Pregnant women should avoid smoking tobacco and being around
tobacco smoke to help prevent diabetes mellitus in their adult children.

 






 

 

Smoking increases diabetes in female baby as adult

Women whose parents smoked during their pregnancy had an increased risk for diabetes mellitus independent of risk factors such as their own birth weight or adult weight. This data adds to evidence that prenatal environmental chemical exposure can contribute to adult diabetes mellitus.

The results were presented in a poster Saturday, March 7, at ENDO 2015, the annual meeting of the Endocrine Society in San Diego.


"From a public health perspective, reduced fetal environmental tobacco smoke exposure appears to be an important modifiable risk factor for diabetes mellitus in offspring, Medical doctors should consider advising pregnant smokers that emerging research suggests that ceasing tobacco smoking in the home may benefit offspring by reducing their risk of developing diabetes mellitus independent of the effects of adult body mass index or birth weight on diabetes risk."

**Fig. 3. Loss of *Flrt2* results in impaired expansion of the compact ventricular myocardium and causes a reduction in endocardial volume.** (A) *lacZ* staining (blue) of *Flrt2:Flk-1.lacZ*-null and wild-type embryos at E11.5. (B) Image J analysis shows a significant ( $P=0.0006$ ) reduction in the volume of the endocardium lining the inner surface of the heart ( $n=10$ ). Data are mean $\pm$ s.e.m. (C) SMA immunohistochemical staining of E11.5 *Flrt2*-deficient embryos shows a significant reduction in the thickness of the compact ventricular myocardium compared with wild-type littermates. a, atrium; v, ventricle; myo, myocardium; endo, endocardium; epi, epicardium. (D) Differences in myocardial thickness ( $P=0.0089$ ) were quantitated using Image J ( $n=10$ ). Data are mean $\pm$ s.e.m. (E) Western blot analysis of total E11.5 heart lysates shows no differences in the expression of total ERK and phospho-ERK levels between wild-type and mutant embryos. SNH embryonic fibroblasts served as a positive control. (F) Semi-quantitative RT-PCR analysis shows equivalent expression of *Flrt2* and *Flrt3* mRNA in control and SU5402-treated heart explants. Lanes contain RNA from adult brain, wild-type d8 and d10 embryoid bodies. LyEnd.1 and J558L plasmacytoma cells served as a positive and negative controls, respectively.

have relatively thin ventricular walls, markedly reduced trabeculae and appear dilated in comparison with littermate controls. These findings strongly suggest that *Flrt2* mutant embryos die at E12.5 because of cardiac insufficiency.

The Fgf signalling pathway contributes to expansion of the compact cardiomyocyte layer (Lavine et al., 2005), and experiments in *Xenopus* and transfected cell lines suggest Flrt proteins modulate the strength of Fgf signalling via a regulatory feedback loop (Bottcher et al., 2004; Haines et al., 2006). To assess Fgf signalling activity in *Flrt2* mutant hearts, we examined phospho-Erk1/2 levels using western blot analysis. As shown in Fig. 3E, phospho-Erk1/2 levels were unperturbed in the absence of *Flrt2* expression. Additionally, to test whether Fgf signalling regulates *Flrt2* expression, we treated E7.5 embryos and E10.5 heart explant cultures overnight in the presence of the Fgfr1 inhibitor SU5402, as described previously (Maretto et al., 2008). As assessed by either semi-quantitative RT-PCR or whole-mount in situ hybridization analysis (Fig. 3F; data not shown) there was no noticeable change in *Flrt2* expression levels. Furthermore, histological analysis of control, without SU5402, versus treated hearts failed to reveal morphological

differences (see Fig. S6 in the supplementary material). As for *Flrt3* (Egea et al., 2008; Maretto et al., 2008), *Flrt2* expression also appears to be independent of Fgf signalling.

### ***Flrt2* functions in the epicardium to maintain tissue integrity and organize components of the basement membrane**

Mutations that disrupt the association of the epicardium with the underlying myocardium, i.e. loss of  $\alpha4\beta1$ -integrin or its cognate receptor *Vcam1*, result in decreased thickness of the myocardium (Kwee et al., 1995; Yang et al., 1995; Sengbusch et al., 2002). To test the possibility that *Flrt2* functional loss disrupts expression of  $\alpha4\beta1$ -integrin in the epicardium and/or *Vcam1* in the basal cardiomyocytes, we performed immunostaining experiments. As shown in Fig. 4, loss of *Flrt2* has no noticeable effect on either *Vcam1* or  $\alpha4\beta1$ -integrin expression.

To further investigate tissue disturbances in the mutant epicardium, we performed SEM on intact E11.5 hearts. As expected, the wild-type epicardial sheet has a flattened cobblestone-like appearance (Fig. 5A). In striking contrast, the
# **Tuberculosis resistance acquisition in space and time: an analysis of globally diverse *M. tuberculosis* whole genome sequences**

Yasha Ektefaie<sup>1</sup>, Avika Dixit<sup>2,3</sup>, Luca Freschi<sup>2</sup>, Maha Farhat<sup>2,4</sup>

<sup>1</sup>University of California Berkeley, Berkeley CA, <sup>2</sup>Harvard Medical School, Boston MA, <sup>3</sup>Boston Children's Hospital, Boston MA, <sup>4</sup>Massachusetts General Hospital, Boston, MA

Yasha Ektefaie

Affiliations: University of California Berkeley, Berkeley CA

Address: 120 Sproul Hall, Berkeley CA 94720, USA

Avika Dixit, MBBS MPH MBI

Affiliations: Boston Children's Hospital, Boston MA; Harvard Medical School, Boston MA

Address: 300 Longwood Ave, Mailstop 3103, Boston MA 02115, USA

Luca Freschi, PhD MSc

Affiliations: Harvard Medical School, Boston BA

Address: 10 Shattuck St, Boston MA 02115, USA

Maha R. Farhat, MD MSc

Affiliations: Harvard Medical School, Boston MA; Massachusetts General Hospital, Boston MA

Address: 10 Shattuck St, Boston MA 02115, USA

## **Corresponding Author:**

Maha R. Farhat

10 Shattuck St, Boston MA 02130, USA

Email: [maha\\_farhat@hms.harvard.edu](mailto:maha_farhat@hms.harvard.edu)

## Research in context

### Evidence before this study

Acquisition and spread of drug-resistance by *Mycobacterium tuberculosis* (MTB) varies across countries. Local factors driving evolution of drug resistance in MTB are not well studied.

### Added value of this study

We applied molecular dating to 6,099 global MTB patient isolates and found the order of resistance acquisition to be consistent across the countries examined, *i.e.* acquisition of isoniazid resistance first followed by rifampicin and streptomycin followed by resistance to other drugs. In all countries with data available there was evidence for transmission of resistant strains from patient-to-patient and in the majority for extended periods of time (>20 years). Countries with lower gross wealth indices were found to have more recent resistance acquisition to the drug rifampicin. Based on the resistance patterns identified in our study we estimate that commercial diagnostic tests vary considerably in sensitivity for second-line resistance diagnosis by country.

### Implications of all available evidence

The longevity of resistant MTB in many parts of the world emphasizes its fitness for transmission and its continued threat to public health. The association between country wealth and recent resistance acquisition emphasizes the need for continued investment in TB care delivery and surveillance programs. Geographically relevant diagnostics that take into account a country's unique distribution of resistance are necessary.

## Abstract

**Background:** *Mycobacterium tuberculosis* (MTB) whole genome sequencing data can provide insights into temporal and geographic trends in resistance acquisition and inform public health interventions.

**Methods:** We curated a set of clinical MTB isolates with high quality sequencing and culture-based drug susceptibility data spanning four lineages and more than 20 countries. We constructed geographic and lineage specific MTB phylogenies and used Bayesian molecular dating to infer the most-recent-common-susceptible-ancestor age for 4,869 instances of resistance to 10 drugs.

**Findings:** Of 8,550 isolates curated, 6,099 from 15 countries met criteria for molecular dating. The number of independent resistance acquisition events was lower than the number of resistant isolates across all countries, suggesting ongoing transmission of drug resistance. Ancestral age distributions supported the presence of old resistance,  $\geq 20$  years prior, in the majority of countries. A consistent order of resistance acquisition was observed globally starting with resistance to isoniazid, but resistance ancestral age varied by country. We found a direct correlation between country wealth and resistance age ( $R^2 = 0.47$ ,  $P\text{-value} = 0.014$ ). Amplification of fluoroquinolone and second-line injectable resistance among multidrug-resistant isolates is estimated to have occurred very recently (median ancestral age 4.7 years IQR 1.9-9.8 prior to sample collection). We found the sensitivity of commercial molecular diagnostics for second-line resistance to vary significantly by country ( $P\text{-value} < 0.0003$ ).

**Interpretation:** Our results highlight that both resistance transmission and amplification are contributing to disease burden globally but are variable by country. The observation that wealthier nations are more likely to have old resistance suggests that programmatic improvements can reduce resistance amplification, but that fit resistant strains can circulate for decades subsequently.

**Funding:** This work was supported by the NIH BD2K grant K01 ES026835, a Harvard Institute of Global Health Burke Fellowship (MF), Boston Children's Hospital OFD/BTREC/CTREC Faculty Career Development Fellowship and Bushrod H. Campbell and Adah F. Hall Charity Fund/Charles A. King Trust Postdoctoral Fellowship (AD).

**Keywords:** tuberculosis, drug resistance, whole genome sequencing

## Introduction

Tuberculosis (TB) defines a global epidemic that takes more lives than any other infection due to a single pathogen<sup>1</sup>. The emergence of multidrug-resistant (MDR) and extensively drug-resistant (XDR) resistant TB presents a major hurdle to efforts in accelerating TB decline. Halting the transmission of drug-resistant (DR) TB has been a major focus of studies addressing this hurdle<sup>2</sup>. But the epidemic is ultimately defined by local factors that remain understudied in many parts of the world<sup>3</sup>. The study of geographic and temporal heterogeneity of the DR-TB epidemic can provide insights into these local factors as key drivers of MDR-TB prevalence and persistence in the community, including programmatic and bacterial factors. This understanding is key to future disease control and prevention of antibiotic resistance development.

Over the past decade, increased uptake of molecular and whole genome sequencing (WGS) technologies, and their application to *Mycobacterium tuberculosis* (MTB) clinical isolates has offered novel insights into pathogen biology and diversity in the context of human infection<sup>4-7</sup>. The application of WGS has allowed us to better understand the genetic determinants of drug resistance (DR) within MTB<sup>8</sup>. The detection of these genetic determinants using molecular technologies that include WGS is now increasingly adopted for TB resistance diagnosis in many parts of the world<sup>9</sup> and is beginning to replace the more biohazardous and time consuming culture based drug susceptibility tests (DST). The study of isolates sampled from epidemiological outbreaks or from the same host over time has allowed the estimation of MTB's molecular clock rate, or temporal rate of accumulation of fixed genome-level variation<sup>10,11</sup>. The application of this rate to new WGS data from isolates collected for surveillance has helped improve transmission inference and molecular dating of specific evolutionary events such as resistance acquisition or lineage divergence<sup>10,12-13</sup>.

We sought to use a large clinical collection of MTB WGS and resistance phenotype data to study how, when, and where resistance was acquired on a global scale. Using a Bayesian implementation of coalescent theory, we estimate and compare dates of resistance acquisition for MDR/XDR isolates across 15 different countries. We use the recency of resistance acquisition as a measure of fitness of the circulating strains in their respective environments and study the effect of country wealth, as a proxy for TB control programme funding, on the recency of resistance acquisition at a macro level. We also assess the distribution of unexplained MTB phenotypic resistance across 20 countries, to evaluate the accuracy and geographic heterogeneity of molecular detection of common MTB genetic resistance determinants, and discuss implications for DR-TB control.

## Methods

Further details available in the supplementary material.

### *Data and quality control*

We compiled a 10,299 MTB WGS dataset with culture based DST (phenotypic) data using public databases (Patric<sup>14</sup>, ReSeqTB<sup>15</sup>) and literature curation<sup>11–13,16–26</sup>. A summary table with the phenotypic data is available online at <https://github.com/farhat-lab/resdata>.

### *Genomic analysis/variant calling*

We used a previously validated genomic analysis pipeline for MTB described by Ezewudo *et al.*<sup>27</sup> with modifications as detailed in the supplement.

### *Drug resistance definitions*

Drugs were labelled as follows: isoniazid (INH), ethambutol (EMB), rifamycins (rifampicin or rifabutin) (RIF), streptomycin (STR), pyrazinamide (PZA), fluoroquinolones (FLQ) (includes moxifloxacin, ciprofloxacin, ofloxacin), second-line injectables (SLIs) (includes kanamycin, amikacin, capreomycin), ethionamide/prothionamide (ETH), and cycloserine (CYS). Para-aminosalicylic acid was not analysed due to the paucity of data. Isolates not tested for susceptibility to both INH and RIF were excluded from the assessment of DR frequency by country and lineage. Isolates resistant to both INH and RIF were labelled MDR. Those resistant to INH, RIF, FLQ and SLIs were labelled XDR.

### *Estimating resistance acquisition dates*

Michele La Merrill MPH PhD, Assistant Professor, Department of Environmental Toxicology, University of California, Davis.


Dr. La Merrill and her colleagues studied 1,801 diabetic daughters between the ages of 44 and 54 years who were born between 1959 and 1967 in the Child Health and Development Studies pregnancy cohort in California. The study was designed to examine associations between prenatal exposures and health outcomes between parents and offspring. It was found that mothers who reported tobacco smoking during an early pregnancy interview, now had adult daughters with diabetes mellitus.

Researchers had collected data on parental tobacco smoking during pregnancy, race, occupation, report of parental diabetes and self-reporting of infant body weight at birth. They then interviewed the daughters by phone and through in-home visits with blood tests for glycated hemoglobin (hemoblogin A1c) to measure how well the daughters' diabetes was being controlled.